Wednesday, August 9, 2017

Small Scale Self-Sufficiency

It's a minor thing, but an accomplishment is an accomplishment, I say.

How minor? Well, the bathtub has been draining slowly and growing progressively slower over time. When the end of my shower found me ankle-deep in soapy water, I'd had enough. Bailing out the tub gave me the motivation and plenty of time to decide the problem needed fixing pronto.

I could have just asked Kayak Guy to do it, but because I'm flexing my independence muscles these days, I wanted to do it myself.

First, I identified how to remove the drain plug. Yes, there are different kinds. (Who knew?) No, I am not very mechanical.

Wishful thinking suggested it might be a gunk problem. A quick internet search revealed an easy and non-toxic cure for that: baking soda and white vinegar. First I poured a coffee pot of boiling water down the drain. Then I added the baking soda and poured the vinegar over. What fun! It foamed like crazy and made a hissing sound. I felt like a mad scientist!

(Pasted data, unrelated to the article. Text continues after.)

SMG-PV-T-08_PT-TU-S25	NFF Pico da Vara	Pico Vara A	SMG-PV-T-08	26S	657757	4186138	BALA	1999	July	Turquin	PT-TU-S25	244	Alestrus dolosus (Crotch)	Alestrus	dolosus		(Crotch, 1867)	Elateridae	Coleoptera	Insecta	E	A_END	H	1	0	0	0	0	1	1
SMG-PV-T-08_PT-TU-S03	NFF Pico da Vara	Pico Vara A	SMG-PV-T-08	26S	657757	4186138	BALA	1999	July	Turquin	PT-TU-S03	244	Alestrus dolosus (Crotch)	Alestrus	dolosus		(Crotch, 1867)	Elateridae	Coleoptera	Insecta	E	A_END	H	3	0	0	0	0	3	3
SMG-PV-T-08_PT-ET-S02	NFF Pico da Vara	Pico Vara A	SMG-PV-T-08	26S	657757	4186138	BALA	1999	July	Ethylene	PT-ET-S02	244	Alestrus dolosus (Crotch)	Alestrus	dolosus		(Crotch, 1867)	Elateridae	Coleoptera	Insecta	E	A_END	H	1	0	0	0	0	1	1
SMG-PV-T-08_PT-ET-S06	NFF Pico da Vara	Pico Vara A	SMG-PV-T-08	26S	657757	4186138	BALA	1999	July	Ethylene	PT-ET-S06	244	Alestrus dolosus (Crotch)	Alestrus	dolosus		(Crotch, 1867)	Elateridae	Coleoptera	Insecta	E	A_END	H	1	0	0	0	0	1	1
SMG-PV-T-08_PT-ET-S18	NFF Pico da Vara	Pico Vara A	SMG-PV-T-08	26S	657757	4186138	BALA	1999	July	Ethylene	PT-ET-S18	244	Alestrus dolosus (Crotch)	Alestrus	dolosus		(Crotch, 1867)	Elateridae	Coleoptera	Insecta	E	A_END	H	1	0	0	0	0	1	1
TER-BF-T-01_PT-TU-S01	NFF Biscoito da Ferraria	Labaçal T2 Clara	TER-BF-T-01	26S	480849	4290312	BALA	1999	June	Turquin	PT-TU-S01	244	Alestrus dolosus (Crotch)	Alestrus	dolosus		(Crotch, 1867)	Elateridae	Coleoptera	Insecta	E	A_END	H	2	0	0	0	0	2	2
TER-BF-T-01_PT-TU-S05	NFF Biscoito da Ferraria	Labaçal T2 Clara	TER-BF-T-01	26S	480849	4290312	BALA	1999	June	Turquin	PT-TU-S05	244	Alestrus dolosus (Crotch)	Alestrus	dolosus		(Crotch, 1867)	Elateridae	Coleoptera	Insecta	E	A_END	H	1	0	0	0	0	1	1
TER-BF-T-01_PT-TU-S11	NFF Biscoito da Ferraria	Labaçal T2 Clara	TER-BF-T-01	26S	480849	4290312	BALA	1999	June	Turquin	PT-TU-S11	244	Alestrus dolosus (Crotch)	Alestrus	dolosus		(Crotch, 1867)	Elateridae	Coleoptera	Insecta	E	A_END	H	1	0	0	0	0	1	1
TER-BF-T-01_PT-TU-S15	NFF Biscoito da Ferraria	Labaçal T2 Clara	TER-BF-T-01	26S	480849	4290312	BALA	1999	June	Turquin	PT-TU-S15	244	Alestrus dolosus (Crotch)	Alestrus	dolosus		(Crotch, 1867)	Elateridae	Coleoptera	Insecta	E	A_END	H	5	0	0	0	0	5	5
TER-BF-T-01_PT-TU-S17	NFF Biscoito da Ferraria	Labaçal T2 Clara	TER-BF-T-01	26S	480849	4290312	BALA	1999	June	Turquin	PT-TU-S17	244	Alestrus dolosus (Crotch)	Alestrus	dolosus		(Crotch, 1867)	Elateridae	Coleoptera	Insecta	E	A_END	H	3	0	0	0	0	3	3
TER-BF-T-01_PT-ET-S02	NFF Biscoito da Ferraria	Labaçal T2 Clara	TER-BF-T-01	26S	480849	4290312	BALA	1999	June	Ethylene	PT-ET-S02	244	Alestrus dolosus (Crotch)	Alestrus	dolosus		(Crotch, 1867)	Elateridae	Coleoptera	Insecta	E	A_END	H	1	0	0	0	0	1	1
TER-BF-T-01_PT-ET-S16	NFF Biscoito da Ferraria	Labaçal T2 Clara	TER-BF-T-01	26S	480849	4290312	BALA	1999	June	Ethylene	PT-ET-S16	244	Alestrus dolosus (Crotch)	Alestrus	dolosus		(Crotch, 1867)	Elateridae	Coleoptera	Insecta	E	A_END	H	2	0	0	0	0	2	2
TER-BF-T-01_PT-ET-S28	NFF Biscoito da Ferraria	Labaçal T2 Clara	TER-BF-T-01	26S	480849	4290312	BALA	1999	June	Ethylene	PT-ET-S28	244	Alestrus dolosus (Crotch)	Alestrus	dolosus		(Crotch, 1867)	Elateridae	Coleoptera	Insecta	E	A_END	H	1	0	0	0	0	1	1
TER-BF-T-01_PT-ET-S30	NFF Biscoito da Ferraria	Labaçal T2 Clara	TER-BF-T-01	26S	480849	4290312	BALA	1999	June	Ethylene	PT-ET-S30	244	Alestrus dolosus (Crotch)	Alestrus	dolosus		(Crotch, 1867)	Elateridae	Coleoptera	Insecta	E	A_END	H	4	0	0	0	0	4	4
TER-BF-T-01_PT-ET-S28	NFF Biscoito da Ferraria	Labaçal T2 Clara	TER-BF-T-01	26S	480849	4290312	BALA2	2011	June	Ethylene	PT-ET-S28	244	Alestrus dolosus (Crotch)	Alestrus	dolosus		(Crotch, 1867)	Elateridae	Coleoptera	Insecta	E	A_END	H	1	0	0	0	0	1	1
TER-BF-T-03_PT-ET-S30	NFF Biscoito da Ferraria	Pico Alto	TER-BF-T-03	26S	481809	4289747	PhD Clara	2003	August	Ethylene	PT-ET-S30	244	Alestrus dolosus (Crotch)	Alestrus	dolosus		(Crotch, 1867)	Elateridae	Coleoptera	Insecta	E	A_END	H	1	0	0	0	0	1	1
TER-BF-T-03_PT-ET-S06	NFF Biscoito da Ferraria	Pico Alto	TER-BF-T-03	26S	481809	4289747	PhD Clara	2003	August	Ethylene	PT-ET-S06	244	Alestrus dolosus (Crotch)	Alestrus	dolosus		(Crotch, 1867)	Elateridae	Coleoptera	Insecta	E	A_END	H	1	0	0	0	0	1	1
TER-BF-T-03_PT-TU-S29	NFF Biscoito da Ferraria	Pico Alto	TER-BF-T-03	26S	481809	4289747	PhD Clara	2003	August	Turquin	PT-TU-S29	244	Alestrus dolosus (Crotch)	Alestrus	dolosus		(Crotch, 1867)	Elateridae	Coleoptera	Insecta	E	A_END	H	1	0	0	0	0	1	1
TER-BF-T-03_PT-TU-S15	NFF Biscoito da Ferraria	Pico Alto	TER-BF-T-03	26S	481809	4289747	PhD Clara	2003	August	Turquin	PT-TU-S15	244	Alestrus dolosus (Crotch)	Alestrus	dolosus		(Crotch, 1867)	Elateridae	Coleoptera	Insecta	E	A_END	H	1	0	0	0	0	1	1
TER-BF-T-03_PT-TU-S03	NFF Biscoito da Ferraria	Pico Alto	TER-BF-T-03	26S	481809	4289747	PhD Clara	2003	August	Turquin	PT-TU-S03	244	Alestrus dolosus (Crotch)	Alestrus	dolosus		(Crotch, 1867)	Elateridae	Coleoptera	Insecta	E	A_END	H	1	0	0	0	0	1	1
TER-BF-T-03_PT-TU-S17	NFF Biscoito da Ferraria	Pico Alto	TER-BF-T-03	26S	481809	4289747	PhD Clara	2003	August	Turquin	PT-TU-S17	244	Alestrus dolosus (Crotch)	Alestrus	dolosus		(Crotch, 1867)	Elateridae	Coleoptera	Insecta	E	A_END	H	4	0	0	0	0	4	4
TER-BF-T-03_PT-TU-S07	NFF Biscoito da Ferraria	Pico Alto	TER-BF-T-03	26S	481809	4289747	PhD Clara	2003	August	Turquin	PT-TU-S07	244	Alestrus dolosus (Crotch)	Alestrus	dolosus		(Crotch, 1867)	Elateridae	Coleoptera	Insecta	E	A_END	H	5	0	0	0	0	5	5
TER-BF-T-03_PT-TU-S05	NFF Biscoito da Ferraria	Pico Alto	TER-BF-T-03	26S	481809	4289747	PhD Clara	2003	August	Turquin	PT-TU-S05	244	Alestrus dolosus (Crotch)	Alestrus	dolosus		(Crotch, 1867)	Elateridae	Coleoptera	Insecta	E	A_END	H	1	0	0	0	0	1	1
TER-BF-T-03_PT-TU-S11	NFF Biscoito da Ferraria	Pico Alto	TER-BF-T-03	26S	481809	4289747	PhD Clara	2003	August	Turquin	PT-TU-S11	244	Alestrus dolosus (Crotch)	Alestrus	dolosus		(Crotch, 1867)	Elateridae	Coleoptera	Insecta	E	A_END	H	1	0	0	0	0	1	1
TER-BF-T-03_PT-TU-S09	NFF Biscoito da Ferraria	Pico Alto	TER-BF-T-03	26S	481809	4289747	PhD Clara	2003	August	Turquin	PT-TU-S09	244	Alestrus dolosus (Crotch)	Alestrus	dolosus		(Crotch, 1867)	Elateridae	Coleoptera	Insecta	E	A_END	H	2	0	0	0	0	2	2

Between that and the fact that I didn't have to pour something hazardous like Drano down the drain (I can never forget that eventually what goes down the drain ends up in our rivers and lakes and oceans and ultimately in our drinking water), I was totally stoked that this was the right solution.

But alas, it was not enough. The final application of hot water went down very reluctantly. Which meant it had to be hair. Ugh.

Using a tool fashioned from a coathanger (I'm so resourceful!), I extracted a hairball the size of my fist out of the drain. (Aren't you glad this post has no pictures?)

Voila! Success! Cue the feeling of satisfaction all out of proportion to the task at hand! Now the water positively gurgles down.

I followed it up with another baking soda and vinegar cocktail, though, just to end on a good note. That part is highly recommended as a fun way to achieve a clean drain and a sense of accomplishment. The hairball part is only fun because it worked and it's over.


  1. Baking soda and vinegar does work . . . but I've found it can also cake. Maybe this is because some baking powders contain wheat - though I don't know why they do. So how does one get that hard layer free? Don't know. Have had to resort to washing soda - don't know how hard that is on the environment.

    1. Oops, just seeing this now . . . . Mine didn't cake up and I'm not sure why. (Beginner's luck, maybe.) If it had, I would have tried scrubbing with an old toothbrush and then who knows what else.

      Sorry to hear your experience hasn't been glitch-free.


Talk to me! I love external validation.